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    Thank you for all your help. I got with the guy I'm doing this for and he gave me all of the wiring and all of the lighting equipment. He had everything I need to complete the cover, and showed me where he wanted the wire to exit the rudder. Again, thank you all for your quick responses. Now if I can just get my other buddies brakes on his Zenair floats to work, I can eventually get back to working on my wings! Cub Crafters master cylinders and Grove calipers won't hold on run-up with a Cont-0-200. Won't even steer on taxi. Jon

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    My Grove calipers are identical to the calipers on my 180 hp Decathlon, and both hold the same. Sure you have the pads conditioned properly? We can lock wheels with Grove calipers.

  9. #9

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    I have a 1993 cub, and can take pictures of the strobe wiring exit locations. They did the proper thing, used a 4 pin molex connector to join the rudder to the fuselage - 4th pin to run the shield through, which ends at the 3 pin molex at the strobe. Agree, don't ground the shield at the end.

    Aerodon

  10. #10
    wireweinie's Avatar
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    To be clear about the use of the braided shield on a wire: there are two different ways of using this. As a shield and as a conductor.

    To use the braid as a shield to prevent electrical noise, separate sections may be connected in series, but only one end of the run is connected to airframe ground. No other connections are made to ANY other points. This insures that strong magnetic signals generated by any conductors close by, will be picked off by the shield and conducted directly to ground. If you connect both ends of the braid to ground, you have an alternate ground path for any signal (airframe OR the braid) from any other circuit in that airframe area. This can lead to excessive noise. If that alternate ground gets used by an audio circuit nearby (isolation washers on the jacks prevent this, by the way) you'll get a 'squeal' in you headset.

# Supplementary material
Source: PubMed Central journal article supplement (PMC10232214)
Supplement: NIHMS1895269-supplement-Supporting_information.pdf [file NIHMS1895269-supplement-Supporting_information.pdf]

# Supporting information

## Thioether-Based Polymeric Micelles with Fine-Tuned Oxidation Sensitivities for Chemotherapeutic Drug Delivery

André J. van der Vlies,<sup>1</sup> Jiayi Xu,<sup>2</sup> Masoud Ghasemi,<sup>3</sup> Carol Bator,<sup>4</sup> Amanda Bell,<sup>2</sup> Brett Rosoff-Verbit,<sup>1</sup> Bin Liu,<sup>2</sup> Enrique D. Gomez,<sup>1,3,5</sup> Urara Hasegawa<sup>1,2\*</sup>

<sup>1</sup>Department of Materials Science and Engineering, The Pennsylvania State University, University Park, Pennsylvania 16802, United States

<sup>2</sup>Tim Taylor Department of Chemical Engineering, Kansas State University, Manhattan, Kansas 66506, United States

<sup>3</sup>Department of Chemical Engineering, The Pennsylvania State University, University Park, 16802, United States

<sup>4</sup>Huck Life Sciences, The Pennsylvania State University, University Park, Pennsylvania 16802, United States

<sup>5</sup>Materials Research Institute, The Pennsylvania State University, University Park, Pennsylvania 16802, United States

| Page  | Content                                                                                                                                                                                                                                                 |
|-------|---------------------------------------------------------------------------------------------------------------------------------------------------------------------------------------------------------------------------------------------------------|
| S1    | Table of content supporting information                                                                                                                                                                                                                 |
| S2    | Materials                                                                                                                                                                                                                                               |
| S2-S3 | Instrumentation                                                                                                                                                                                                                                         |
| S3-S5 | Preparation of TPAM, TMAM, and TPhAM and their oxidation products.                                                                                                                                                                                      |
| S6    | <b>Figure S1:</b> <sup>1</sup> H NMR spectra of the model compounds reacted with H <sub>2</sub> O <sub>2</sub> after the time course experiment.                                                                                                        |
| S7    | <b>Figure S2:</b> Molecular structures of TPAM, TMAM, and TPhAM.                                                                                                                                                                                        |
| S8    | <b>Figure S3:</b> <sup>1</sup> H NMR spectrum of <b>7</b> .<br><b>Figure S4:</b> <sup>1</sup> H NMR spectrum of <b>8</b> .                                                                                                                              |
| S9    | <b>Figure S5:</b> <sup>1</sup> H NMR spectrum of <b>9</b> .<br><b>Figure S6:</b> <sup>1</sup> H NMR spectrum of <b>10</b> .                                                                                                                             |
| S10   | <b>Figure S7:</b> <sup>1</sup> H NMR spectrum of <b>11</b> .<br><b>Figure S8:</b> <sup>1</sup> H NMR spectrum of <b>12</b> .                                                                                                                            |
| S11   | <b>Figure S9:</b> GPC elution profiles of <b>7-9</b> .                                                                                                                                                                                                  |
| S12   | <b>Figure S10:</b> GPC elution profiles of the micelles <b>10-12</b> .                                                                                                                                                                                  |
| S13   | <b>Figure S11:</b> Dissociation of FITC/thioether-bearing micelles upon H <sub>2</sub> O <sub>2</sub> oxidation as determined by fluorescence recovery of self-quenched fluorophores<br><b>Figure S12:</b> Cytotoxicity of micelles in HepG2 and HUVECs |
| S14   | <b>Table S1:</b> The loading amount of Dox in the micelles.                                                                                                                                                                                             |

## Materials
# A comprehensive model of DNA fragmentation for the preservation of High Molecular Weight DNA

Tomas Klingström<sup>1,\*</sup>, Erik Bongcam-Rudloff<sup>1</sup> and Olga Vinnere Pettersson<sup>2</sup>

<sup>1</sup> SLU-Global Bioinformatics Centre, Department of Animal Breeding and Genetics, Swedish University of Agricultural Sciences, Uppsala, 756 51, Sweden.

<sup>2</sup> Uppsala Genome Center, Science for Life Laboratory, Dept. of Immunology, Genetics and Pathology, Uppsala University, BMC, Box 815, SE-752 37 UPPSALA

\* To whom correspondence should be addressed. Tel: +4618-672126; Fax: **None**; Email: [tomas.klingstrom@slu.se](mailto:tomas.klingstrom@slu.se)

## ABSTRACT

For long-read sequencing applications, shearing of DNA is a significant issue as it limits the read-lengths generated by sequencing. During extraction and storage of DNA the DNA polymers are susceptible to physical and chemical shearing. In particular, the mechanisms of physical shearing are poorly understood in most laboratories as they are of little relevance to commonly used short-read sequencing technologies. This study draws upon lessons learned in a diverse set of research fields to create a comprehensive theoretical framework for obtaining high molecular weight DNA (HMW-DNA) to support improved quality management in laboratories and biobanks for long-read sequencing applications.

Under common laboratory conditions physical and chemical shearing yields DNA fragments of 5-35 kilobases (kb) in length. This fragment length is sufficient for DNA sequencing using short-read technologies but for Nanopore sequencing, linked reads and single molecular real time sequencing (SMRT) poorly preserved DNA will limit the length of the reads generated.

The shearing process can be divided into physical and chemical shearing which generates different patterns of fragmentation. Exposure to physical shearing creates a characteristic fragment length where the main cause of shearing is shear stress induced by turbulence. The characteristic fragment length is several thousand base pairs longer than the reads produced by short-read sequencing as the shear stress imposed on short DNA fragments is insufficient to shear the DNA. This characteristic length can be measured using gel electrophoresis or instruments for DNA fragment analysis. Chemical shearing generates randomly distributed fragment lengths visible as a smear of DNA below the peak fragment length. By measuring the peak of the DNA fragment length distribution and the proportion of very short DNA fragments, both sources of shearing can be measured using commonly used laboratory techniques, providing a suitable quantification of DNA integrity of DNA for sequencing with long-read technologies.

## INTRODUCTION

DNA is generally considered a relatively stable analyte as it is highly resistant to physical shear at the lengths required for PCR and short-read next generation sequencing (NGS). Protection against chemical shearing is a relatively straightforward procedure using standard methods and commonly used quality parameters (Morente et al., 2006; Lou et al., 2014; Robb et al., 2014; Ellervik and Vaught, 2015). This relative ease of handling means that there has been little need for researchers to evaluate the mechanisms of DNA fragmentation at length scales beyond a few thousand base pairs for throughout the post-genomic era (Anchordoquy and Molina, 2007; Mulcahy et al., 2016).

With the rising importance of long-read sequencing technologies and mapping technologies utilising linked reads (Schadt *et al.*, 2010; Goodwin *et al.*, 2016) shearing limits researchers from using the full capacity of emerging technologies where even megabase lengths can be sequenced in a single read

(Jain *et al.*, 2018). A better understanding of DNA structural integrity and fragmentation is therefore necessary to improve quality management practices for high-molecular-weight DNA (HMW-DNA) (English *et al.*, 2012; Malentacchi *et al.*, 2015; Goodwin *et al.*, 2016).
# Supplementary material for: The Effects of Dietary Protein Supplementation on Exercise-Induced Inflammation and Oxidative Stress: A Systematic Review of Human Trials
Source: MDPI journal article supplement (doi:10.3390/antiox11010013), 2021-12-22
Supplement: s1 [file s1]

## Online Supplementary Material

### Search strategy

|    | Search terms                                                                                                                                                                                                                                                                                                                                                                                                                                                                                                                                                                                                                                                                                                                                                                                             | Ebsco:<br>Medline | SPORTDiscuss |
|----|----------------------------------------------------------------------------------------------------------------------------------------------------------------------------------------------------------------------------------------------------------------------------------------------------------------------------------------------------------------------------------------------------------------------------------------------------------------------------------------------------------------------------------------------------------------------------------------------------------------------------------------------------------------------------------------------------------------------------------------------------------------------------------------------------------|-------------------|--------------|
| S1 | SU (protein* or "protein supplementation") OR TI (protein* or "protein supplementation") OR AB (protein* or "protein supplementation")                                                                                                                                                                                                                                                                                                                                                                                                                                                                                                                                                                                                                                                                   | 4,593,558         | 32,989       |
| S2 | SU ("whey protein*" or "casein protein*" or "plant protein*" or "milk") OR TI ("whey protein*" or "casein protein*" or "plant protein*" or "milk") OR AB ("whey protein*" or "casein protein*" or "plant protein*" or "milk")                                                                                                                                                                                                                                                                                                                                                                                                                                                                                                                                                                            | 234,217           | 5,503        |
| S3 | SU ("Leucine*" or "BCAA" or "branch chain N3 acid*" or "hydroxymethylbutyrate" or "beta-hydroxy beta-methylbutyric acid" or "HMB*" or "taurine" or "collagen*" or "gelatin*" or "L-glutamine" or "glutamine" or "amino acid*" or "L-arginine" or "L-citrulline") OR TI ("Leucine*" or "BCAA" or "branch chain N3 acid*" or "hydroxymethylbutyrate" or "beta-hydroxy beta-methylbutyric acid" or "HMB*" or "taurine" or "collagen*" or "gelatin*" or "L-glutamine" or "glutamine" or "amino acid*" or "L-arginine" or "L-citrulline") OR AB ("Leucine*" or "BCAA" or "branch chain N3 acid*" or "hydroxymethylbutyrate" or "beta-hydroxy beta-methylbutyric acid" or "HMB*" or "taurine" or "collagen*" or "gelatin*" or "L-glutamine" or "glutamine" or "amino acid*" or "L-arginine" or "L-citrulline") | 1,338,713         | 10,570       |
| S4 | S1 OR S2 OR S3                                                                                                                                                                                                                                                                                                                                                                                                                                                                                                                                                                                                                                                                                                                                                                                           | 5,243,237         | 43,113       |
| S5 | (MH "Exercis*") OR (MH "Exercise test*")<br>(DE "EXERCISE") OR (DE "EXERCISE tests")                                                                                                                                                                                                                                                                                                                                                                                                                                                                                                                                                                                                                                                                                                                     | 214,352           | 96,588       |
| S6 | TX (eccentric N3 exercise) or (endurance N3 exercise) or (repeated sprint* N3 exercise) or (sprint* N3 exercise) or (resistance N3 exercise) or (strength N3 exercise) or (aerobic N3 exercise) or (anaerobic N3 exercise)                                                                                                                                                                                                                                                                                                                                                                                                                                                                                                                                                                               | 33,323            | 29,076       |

To use the braid as a conductor, as I described in post #4, you connect one end of the shield to the ground lead of a component, in this case an LED light assembly. Multiple sections can be connected in series, but the opposite end of the run is then connected to airframe ground. This use is not a true 'shield' as the ground circuit of the component is using it as a conductor to ground. A couple advantages are size and secure grounding. Size because you are using, in the case of the LED lights, three conductors inside of a braid. Very compact, easy to route, and has the effect of installing one wire instead of four separate wires. Secure grounding because you have the option of connecting the braid to ground at a location free from paint, powdercoat, and seams in the frame. It bypasses poor grounding from wings and rudders due to hinge and spar connections. I usually route the shield to ground forward of the instrument panel, as the conductors are routed to that area for connection to the switches.

    Clear as mud?